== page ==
So, I’m going to the Chilcot Inquiry on Friday, for Tony Blair’s testimonial – in the additional room, mind you.

I’m not quite sure what to feel about it. Initially upon opening the letter postmarked SW1, I was elated at ‘winning’ in the public ballot, and have been cracking a few jokes about being in the same building as possibly the numero uno terrorist target in the country a week after our perpetually unfathomably Orwellian ‘terrorist threat level’ was raised (in response to there being “no intelligence to suggest a terrorist attack was imminent” of course).

Courtesy of Portsmouth Dockyard's Mascot, Terror Threat Level: HEIGHTENED

…But it was quickly chastened with the realisation that it wasn’t really something to be celebrating, and it’s more of a sombre moment. If I and a significant proportion of other citizens of this country had had our way, there wouldn’t have been a cause for an inquiry in the first place.

I’ve not been able to follow the proceedings too closely, due to 6hr daily sessions clashing with a working day, but I’m aware of the ‘headlines’ that have emerged from the key players from the inquiry; Alastair Campbell, Jack Straw, and of course Lord Goldsmith. I’m not too sure what to expect, though I have my reservations about the remit of the Inquiry, “to identify lessons that can be learned from the Iraq conflict”.

“We will therefore be considering the UK’s involvement in Iraq, including the way decisions were made and actions taken, to establish, as accurately as possible, what happened and to identify the lessons that can be learned. Those lessons will help ensure that, if we face similar situations in future, the government of the day is best equipped to respond to those situations in the most effective manner in the best interests of the country.”

Will these ‘lessons’ include the semantic and qualitative distinction between pre-emptive/preventive intervention (which were persistently and deliberately conflated), the moral/ethical obligations to the reconstruction efforts, or the utility of unilateral decision-making? Probably not, at least in any concrete and constructive manner.

Which makes me feel that this whole rigmarole is largely tokenistic, since its not coming to a resolution which I and many would like to see – someone being held to account for the shrewd calculated disaster that was the Iraq invasion, and the fall-out that continues to this day. However, this is precisely what the Inquiry will not do – apportion blame.

I know many groups are planning on staging protests, including STW and rightly so; if I wasn’t inside, I’d be outside. Unsurprisingly, the Met police with its usual grace and co-operation, is trying to hide the protesters out of sight of Blair and the world’s cameras, partly with valid security concerns in mind, but also probably just to make the whole thing less embarrassing for him. It will be a bizarre afternoon for sure, particularly if anyone manages to get through the barricades and perform a citizen’s arrest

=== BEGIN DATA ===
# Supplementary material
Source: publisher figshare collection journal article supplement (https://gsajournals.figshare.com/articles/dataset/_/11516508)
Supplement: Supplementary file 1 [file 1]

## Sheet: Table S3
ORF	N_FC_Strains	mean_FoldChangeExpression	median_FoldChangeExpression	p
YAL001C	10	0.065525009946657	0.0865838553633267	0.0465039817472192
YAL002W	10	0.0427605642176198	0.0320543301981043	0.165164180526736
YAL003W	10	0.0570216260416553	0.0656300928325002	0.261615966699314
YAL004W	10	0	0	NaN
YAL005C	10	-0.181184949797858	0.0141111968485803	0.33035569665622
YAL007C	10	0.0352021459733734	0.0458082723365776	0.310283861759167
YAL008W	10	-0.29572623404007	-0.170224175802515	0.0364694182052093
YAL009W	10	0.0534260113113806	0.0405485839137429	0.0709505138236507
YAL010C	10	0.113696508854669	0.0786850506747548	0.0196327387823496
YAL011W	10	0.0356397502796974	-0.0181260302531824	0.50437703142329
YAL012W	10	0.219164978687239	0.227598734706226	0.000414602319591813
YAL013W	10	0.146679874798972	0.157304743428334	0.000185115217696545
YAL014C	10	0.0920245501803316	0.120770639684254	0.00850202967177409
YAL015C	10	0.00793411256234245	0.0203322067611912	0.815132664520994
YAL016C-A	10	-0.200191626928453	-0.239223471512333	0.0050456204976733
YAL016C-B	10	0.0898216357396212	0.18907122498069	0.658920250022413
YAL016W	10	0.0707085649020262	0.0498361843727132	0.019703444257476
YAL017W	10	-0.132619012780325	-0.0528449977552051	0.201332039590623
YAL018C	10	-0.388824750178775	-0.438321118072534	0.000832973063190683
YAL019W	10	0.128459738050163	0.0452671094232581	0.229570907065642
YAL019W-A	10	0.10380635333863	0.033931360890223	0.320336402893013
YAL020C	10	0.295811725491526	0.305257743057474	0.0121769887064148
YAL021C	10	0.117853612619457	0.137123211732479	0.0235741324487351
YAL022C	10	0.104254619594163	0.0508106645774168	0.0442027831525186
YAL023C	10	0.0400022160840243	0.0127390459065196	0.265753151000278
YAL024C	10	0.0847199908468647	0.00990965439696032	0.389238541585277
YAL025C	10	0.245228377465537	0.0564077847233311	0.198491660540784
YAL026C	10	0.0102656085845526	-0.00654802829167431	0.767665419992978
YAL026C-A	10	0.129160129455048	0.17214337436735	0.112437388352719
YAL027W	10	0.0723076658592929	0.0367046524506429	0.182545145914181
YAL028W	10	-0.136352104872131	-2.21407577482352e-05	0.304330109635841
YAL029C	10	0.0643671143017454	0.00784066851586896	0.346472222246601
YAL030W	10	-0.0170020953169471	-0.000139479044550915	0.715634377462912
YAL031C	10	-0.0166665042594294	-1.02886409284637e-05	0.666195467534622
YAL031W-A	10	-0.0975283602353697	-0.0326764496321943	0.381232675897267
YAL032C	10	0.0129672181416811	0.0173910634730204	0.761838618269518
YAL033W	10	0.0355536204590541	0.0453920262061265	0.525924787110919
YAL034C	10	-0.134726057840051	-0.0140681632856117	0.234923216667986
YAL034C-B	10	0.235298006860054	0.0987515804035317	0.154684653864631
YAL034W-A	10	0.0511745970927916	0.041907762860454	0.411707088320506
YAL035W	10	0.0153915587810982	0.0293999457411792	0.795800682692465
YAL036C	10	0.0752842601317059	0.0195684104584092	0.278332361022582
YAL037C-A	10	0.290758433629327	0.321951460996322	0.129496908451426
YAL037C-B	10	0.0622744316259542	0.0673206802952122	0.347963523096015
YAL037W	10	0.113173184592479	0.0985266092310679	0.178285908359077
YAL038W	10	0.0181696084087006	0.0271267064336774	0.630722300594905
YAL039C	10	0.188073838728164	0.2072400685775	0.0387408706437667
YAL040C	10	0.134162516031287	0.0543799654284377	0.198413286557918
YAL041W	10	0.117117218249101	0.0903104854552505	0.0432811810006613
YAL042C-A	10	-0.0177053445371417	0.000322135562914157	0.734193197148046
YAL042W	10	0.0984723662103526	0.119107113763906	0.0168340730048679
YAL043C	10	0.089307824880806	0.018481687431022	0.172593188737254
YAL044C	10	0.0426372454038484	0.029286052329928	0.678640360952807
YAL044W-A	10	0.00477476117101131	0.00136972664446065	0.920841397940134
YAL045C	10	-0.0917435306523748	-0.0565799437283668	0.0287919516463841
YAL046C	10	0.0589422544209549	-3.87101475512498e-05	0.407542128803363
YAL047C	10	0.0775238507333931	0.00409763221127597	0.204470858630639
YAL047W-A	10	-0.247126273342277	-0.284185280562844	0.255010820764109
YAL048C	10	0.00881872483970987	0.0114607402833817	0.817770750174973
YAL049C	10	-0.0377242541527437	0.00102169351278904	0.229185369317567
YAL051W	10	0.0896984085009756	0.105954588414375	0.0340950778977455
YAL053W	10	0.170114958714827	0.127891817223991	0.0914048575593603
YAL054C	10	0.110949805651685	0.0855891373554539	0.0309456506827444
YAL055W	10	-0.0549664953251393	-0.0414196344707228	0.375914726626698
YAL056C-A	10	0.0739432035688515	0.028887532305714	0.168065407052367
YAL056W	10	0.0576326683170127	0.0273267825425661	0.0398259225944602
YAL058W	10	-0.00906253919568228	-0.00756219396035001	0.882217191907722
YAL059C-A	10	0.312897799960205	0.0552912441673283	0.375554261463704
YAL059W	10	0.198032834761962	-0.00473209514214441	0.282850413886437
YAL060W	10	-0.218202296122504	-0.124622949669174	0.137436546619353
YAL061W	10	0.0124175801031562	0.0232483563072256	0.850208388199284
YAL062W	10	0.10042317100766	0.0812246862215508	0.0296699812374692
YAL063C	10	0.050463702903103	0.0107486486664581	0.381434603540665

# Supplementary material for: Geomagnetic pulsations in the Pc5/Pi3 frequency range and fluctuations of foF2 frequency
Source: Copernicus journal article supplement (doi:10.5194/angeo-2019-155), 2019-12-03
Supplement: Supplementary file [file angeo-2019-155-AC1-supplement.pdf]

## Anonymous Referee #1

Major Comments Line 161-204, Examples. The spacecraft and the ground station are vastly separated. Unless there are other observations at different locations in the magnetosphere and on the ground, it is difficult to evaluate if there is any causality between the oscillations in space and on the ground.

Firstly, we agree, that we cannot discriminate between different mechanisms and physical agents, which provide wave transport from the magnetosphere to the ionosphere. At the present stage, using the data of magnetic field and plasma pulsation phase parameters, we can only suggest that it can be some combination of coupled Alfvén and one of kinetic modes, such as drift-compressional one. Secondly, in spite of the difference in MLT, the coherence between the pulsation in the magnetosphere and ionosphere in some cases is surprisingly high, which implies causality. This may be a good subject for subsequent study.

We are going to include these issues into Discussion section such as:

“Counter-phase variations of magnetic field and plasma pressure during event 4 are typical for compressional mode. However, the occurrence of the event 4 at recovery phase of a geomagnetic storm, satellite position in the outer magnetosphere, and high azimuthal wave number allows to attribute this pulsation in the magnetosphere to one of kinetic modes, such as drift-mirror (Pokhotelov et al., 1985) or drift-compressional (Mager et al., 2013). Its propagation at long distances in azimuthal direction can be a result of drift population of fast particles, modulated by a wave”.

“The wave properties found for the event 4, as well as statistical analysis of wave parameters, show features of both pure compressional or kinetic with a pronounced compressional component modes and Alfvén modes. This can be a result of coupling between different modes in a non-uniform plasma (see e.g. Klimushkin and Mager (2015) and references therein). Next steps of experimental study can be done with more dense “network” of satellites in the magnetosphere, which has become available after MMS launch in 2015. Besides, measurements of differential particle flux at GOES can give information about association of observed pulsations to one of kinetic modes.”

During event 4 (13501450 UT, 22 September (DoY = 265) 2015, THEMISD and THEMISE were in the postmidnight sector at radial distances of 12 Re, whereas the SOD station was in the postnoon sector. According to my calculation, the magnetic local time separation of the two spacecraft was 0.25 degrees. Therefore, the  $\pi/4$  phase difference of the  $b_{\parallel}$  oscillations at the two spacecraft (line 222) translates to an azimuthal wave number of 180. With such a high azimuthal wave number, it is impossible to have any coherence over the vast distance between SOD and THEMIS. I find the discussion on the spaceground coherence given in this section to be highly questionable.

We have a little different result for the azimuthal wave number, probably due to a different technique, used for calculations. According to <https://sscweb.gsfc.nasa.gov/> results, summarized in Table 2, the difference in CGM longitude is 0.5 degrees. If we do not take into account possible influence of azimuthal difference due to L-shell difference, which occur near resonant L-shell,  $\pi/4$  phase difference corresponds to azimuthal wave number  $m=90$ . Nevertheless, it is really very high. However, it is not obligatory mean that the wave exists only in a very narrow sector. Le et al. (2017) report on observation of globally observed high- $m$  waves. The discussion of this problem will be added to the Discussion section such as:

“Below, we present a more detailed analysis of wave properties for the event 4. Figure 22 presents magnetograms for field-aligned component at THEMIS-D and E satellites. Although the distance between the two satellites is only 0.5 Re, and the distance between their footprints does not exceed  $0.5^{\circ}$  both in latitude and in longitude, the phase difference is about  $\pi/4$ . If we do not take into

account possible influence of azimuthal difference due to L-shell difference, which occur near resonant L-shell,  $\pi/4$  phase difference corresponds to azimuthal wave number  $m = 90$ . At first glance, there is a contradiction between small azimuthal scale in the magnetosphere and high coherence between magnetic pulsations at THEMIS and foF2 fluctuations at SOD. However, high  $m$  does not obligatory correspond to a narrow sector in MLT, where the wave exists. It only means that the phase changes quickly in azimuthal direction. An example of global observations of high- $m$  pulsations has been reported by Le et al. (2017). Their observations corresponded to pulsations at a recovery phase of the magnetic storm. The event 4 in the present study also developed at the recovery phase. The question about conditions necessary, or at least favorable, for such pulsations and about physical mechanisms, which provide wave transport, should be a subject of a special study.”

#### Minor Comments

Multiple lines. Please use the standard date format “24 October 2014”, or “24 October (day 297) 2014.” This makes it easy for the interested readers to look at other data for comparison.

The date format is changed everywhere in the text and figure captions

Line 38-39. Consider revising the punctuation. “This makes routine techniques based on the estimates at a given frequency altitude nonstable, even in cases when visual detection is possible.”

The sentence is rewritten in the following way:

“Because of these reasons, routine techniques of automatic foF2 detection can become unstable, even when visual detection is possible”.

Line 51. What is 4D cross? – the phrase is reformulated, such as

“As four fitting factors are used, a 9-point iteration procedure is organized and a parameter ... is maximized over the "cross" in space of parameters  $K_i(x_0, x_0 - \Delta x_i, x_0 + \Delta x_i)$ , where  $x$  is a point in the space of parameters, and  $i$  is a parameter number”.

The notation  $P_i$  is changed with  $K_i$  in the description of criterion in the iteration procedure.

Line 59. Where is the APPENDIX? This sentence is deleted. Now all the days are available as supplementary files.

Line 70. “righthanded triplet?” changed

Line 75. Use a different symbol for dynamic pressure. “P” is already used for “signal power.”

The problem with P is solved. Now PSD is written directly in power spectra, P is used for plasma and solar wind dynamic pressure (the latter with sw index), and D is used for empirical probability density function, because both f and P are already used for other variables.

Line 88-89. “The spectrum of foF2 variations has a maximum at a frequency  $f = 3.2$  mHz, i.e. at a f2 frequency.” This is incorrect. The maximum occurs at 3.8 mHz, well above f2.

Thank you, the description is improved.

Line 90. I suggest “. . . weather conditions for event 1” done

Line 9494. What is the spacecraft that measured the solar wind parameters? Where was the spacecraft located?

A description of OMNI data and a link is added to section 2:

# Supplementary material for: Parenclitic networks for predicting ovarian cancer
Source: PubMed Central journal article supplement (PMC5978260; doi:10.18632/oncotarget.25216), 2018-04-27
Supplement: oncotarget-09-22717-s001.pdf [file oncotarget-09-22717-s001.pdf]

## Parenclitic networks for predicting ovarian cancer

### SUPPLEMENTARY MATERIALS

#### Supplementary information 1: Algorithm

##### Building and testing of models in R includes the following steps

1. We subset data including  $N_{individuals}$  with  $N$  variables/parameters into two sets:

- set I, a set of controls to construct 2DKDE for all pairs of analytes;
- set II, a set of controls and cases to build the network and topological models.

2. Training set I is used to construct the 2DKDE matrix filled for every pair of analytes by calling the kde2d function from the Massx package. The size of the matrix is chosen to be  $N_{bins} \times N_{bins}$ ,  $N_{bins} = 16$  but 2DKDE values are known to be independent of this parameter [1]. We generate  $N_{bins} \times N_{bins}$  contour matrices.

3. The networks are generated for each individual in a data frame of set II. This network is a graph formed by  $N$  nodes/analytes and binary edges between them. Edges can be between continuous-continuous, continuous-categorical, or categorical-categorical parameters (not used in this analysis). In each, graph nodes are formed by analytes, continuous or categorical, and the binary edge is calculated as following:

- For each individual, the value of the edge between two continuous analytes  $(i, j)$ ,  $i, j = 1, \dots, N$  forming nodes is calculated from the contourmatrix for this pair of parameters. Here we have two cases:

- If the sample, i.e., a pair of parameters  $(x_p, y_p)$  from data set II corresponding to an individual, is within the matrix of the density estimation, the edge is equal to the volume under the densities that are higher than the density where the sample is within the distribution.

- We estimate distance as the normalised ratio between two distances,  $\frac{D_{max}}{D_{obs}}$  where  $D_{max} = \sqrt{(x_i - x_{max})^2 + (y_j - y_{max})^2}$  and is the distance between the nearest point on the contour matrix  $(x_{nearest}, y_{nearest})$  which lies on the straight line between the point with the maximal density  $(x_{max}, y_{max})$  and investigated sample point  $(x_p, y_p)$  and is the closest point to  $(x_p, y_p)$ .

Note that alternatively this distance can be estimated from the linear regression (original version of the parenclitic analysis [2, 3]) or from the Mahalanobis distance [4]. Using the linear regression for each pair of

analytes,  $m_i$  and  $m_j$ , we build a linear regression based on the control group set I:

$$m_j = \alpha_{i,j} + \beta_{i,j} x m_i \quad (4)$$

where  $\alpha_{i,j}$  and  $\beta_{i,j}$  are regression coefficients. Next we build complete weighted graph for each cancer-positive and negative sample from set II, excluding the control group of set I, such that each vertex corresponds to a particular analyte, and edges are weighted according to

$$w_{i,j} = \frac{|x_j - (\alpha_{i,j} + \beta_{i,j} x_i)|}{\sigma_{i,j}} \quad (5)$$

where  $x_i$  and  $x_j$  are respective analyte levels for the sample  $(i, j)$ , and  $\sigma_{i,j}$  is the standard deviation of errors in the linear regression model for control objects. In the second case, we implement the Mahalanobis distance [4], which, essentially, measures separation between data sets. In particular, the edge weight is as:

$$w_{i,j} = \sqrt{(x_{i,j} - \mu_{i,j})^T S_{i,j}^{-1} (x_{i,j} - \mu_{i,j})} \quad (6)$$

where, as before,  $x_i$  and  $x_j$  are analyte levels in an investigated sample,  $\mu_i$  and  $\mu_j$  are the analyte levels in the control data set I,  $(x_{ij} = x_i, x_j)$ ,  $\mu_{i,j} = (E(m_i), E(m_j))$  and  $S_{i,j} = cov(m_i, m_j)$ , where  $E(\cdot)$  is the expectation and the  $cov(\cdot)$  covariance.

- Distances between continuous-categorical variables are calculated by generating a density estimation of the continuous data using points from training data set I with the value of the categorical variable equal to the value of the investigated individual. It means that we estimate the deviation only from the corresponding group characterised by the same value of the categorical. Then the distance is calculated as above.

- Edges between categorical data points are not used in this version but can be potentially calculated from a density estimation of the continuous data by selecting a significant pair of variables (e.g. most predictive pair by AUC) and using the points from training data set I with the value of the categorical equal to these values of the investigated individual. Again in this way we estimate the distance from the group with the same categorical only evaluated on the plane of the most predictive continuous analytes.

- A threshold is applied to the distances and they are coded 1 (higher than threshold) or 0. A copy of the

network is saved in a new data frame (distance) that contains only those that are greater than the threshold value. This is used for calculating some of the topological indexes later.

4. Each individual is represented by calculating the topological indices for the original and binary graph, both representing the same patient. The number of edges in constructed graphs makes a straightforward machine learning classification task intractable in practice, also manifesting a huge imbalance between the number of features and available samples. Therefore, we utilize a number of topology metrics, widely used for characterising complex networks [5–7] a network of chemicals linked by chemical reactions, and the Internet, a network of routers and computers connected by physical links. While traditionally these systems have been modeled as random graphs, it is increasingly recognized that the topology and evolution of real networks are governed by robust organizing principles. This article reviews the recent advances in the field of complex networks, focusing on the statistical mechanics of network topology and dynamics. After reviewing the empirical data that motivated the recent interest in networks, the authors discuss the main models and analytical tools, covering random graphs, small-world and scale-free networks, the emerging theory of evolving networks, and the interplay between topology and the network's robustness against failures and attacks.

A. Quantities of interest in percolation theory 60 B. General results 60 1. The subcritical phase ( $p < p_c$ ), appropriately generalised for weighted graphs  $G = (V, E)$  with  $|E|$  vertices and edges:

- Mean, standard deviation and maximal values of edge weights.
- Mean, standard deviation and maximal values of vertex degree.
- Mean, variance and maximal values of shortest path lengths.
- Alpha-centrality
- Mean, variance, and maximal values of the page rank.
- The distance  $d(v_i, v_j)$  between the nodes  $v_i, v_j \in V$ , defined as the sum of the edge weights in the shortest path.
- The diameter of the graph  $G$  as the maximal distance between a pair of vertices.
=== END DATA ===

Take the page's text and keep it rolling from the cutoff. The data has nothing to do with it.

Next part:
Incidentally, I find it quite odd that for all incessant news updates we get on what the former PM is up to in his gloriously jet-set post-premiership life – a potential European presidency, Middle East Envoy, and his newfound career in the States as a lecturer on faith– we have heard very little on the most notorious bit of his past that we’d all like to know most about, bar some professions of faith.

For my own satisfaction, though it’s a simple enough question, and perhaps not as hard-hitting as 38 Degrees would like, the one thing I want to know is…

Do you understand how both gratuitous for you and devastating to those have suffered asserting that you went to war based on ‘faith’ is? Did you really genuinely believe that you were ‘doing the right thing’?

It’s possibly the single thing about the whole affair that I cannot fathom; he must have been either ridiculously naïve or artfully cunning. The latter I’m willing to believe, but proclamations of the former just infuriate me. I want to be there at this historic moment, seeing him properly questioned and having to defend each and every part of his decision-making process – something that thus far has inexplicably avoided happening, neither here nor in the States with Blair’s counterpart and lead, Mr Bush.

This is undoubtedly the ‘highlight’ of the Inquiry, and should be so, as the one-time-only opportunity to finally shed some light on the elusive behind-the-scenes wranglings, the consequences of which most of us saw on the news, but with which others have had to live.

I look forward to Friday afternoon with relish.

Photo: Eric Draper, via Wikimedia Commons


2 thoughts on “The Chilcot Inquiry: An Observer’s Preamble

    • He probably got confused with the reverse Ten Commandments which Bush chiselled out for him…

      I imagine the overt religious symbolism in both Bush and Blair’s ‘theatrics of war’ were intentionally emphasised to act as a socially-acceptable, irrational veil with which to find behind should the need arise. So one ‘lesson’ which should obviously be learnt is that no Prime Minister should ever be allowed to use the word ‘faith’ to justify anything – ie secular state.

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